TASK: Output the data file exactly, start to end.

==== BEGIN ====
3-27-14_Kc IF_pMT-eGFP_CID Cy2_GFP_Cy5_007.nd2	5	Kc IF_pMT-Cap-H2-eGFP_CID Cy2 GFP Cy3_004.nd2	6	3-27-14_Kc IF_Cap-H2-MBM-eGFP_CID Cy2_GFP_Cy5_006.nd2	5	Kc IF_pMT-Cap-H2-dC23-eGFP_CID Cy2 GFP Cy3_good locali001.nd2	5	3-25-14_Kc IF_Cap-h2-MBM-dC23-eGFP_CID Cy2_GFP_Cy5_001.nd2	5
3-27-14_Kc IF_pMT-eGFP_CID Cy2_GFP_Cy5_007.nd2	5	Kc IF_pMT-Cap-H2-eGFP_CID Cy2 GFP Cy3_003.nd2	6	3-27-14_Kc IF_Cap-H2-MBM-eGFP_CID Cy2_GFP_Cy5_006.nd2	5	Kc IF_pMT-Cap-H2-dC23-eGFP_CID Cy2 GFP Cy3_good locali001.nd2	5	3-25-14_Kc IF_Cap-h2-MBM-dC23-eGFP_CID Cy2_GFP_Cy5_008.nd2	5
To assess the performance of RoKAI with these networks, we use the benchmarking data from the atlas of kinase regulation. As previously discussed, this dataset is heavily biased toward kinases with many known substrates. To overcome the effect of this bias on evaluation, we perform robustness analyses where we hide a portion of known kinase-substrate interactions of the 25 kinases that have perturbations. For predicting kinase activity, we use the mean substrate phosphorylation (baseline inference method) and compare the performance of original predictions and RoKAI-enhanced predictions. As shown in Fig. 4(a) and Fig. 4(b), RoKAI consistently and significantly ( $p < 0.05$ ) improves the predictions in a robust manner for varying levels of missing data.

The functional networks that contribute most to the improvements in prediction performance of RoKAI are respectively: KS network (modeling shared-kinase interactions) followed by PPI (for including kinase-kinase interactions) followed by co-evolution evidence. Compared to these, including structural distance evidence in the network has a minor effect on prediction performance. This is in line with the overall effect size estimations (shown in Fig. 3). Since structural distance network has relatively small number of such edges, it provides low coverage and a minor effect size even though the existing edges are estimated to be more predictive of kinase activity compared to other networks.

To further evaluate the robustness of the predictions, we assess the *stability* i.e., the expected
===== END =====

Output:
3-27-14_Kc IF_pMT-eGFP_CID Cy2_GFP_Cy5_007.nd2	5	Kc IF_pMT-Cap-H2-eGFP_CID Cy2 GFP Cy3_004.nd2	6	3-27-14_Kc IF_Cap-H2-MBM-eGFP_CID Cy2_GFP_Cy5_006.nd2	5	Kc IF_pMT-Cap-H2-dC23-eGFP_CID Cy2 GFP Cy3_good locali001.nd2	5	3-25-14_Kc IF_Cap-h2-MBM-dC23-eGFP_CID Cy2_GFP_Cy5_001.nd2	5
3-27-14_Kc IF_pMT-eGFP_CID Cy2_GFP_Cy5_007.nd2	5	Kc IF_pMT-Cap-H2-eGFP_CID Cy2 GFP Cy3_003.nd2	6	3-27-14_Kc IF_Cap-H2-MBM-eGFP_CID Cy2_GFP_Cy5_006.nd2	5	Kc IF_pMT-Cap-H2-dC23-eGFP_CID Cy2 GFP Cy3_good locali001.nd2	5	3-25-14_Kc IF_Cap-h2-MBM-dC23-eGFP_CID Cy2_GFP_Cy5_008.nd2	5
To assess the performance of RoKAI with these networks, we use the benchmarking data from the atlas of kinase regulation. As previously discussed, this dataset is heavily biased toward kinases with many known substrates. To overcome the effect of this bias on evaluation, we perform robustness analyses where we hide a portion of known kinase-substrate interactions of the 25 kinases that have perturbations. For predicting kinase activity, we use the mean substrate phosphorylation (baseline inference method) and compare the performance of original predictions and RoKAI-enhanced predictions. As shown in Fig. 4(a) and Fig. 4(b), RoKAI consistently and significantly ( $p < 0.05$ ) improves the predictions in a robust manner for varying levels of missing data.

The functional networks that contribute most to the improvements in prediction performance of RoKAI are respectively: KS network (modeling shared-kinase interactions) followed by PPI (for including kinase-kinase interactions) followed by co-evolution evidence. Compared to these, including structural distance evidence in the network has a minor effect on prediction performance. This is in line with the overall effect size estimations (shown in Fig. 3). Since structural distance network has relatively small number of such edges, it provides low coverage and a minor effect size even though the existing edges are estimated to be more predictive of kinase activity compared to other networks.

To further evaluate the robustness of the predictions, we assess the *stability* i.e., the expected